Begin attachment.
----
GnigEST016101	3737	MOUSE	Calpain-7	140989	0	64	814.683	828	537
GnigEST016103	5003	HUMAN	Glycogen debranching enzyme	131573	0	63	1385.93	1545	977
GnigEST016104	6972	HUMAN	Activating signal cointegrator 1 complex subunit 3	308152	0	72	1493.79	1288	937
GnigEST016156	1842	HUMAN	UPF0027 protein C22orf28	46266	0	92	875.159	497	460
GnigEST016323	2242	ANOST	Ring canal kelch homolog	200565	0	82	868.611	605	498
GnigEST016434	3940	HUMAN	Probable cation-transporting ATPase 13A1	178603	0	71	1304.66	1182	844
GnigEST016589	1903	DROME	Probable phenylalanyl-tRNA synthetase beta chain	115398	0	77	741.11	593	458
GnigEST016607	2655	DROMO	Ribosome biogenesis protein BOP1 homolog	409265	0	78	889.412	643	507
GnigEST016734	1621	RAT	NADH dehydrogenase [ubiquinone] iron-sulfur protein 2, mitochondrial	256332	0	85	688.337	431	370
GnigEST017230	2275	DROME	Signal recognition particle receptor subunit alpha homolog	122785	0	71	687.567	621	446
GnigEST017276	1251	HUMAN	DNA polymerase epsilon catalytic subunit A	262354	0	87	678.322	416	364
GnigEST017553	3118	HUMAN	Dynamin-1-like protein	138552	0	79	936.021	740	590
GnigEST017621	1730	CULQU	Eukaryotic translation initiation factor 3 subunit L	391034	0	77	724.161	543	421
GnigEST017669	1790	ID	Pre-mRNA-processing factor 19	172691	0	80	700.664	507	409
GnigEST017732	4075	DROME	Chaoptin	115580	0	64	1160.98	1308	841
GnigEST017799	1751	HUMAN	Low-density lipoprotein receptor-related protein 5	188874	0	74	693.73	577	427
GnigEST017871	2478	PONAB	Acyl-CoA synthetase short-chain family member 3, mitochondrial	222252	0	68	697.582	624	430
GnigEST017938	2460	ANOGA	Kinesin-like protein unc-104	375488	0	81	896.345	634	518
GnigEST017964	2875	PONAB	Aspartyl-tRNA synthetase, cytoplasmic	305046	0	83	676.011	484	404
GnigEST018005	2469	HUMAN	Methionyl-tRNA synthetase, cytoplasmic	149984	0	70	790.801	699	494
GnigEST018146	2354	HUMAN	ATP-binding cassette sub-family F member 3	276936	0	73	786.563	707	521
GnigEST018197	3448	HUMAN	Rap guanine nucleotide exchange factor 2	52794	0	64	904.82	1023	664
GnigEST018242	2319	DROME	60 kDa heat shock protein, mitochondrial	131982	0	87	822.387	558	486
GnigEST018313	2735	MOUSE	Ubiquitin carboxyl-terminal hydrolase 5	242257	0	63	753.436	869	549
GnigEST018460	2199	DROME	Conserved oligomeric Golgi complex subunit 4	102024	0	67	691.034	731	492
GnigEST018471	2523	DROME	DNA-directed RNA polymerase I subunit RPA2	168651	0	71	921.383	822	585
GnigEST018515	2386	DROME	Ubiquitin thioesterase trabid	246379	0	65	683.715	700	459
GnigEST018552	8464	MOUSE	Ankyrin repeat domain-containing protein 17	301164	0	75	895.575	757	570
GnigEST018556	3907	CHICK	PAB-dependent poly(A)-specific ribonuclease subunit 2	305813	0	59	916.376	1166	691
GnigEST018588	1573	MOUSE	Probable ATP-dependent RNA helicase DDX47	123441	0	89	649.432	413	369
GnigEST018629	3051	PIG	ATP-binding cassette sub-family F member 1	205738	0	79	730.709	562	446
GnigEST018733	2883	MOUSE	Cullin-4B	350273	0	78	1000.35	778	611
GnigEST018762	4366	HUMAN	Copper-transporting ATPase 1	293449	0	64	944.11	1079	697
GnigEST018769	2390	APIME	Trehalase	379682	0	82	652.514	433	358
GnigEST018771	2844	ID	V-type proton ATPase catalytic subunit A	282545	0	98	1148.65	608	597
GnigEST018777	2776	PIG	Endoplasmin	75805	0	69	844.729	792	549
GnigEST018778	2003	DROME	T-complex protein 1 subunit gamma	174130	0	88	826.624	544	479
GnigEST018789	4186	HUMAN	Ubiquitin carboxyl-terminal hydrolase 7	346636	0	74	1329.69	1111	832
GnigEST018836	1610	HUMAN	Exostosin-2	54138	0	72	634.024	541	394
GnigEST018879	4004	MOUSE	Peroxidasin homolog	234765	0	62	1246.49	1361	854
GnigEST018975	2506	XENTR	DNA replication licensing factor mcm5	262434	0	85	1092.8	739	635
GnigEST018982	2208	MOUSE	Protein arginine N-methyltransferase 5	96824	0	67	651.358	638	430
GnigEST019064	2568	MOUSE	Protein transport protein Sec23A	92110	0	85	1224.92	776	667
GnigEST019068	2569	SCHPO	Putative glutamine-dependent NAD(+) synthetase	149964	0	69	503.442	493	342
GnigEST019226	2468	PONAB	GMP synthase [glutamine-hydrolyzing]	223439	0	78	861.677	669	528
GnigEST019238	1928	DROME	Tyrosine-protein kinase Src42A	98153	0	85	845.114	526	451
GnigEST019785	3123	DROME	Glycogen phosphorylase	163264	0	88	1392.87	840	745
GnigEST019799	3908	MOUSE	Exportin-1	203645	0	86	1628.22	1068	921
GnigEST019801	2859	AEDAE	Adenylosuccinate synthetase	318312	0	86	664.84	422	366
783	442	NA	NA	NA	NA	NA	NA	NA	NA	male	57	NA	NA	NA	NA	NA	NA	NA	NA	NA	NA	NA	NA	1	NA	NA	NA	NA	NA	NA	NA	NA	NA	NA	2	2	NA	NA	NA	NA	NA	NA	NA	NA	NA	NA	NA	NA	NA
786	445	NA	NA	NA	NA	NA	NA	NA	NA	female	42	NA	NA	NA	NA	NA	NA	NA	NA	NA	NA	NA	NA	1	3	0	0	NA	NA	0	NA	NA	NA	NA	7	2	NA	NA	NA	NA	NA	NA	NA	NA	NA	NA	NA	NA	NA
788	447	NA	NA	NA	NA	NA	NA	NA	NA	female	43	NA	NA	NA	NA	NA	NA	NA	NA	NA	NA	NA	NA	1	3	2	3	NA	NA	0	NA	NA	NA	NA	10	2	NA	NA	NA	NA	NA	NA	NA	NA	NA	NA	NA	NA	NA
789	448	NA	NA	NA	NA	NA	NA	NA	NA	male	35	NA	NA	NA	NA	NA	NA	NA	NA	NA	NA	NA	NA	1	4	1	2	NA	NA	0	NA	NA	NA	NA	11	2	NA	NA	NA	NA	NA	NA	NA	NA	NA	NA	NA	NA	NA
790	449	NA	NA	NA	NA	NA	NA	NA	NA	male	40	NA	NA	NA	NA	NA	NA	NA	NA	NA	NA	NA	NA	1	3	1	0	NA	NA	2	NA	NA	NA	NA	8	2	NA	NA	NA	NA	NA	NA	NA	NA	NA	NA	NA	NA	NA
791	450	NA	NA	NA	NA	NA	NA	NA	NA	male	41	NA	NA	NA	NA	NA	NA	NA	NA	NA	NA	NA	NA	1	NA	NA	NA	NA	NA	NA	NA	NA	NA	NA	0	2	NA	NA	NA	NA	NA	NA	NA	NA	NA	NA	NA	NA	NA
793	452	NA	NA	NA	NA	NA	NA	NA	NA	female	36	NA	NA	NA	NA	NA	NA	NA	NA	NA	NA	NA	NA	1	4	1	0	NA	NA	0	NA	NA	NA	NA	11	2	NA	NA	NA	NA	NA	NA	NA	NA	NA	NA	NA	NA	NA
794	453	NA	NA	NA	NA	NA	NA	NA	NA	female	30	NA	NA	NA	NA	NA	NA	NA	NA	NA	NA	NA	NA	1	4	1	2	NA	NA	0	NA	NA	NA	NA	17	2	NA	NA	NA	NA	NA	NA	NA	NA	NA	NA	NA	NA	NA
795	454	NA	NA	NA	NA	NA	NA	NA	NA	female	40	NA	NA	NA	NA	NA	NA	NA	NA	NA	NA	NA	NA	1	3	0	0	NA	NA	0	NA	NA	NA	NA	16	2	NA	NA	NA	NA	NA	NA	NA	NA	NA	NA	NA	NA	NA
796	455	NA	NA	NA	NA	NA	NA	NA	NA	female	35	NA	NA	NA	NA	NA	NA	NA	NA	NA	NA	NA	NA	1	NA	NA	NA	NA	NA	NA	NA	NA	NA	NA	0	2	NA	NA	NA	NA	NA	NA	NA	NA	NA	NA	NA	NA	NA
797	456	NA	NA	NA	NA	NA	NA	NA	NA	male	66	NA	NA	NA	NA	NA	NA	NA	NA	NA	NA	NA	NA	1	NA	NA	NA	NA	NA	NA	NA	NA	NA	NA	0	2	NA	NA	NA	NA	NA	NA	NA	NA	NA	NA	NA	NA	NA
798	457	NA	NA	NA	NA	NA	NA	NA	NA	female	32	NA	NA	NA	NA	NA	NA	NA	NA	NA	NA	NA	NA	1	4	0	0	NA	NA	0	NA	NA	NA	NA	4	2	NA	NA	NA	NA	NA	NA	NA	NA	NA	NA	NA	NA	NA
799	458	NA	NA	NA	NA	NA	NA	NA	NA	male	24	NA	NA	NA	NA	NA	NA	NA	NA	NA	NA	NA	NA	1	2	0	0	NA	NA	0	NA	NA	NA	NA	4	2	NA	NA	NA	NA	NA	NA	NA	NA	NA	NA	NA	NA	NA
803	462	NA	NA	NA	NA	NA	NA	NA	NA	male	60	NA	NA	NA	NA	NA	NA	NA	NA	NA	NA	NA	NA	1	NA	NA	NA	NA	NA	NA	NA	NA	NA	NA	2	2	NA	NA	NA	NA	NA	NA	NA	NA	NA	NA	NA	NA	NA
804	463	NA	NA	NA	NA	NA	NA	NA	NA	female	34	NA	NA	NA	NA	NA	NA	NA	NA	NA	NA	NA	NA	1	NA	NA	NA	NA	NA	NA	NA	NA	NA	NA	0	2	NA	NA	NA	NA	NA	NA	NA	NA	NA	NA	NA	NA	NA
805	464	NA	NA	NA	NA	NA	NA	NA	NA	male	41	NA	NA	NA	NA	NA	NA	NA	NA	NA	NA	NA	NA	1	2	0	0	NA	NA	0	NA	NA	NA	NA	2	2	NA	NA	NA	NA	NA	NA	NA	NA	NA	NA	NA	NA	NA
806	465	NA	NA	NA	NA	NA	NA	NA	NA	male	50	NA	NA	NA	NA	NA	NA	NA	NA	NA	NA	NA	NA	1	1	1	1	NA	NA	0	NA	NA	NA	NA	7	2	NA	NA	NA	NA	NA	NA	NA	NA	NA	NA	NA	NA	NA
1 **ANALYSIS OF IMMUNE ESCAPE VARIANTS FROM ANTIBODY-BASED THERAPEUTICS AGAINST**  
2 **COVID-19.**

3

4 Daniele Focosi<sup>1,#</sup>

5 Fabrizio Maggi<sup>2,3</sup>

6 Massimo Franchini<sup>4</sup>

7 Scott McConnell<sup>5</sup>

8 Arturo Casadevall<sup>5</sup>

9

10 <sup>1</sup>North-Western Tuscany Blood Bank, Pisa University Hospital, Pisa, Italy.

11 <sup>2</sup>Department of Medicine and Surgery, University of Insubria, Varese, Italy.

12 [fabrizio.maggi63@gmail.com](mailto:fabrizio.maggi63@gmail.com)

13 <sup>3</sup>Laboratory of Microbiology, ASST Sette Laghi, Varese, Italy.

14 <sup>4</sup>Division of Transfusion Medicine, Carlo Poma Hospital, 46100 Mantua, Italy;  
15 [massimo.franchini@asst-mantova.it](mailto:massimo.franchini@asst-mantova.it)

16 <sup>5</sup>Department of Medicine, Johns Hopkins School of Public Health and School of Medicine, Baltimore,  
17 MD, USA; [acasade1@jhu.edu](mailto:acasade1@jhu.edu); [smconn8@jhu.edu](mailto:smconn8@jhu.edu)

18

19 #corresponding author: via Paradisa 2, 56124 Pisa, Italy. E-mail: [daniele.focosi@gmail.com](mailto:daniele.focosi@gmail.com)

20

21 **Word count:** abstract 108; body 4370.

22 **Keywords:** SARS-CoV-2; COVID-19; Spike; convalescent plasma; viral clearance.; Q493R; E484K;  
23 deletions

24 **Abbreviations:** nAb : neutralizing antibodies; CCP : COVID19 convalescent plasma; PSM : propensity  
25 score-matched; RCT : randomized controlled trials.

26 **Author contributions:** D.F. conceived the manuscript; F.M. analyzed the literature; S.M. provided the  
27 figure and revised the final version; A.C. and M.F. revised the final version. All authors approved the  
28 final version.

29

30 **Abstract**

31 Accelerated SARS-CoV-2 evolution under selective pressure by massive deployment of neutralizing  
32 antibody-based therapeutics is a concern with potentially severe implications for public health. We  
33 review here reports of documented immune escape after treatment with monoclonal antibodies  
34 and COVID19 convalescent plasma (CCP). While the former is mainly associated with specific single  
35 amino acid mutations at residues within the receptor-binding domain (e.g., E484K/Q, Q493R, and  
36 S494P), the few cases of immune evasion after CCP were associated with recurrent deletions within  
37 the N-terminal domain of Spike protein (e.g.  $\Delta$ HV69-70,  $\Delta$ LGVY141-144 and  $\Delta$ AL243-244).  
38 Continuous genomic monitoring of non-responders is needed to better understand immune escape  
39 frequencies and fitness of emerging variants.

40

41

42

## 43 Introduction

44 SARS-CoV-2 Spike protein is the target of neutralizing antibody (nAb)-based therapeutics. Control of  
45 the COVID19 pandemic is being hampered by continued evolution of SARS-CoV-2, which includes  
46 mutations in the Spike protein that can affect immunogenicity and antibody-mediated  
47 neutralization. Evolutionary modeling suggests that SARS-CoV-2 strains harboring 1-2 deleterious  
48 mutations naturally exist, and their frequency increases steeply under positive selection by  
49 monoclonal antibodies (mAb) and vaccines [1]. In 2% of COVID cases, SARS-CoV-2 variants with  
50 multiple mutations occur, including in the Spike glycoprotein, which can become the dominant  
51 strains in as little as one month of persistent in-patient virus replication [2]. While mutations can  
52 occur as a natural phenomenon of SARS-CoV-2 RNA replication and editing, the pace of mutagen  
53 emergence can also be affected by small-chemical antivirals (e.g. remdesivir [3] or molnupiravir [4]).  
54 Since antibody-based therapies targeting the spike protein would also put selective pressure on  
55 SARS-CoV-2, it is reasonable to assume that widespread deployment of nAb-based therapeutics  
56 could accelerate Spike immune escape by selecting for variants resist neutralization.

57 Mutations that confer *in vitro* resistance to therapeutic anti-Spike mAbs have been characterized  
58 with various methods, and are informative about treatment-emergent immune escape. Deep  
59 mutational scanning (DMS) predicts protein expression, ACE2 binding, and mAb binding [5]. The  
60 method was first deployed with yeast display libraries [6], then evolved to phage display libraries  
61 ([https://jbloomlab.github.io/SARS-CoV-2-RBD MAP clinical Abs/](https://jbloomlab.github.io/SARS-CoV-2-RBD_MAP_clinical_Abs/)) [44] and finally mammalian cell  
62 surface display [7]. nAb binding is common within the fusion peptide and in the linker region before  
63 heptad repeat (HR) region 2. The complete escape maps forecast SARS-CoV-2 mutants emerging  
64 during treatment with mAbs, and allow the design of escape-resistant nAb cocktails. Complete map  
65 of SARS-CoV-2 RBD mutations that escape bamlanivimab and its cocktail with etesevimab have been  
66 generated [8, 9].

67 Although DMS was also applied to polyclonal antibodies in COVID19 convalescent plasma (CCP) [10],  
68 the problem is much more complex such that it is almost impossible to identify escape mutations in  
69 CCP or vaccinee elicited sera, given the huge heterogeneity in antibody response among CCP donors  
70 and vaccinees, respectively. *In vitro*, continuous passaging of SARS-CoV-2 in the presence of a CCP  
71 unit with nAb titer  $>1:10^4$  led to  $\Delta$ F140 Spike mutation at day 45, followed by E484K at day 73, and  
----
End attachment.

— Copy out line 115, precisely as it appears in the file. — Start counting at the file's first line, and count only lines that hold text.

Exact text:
49 monoclonal antibodies (mAb) and vaccines [1]. In 2% of COVID cases, SARS-CoV-2 variants with  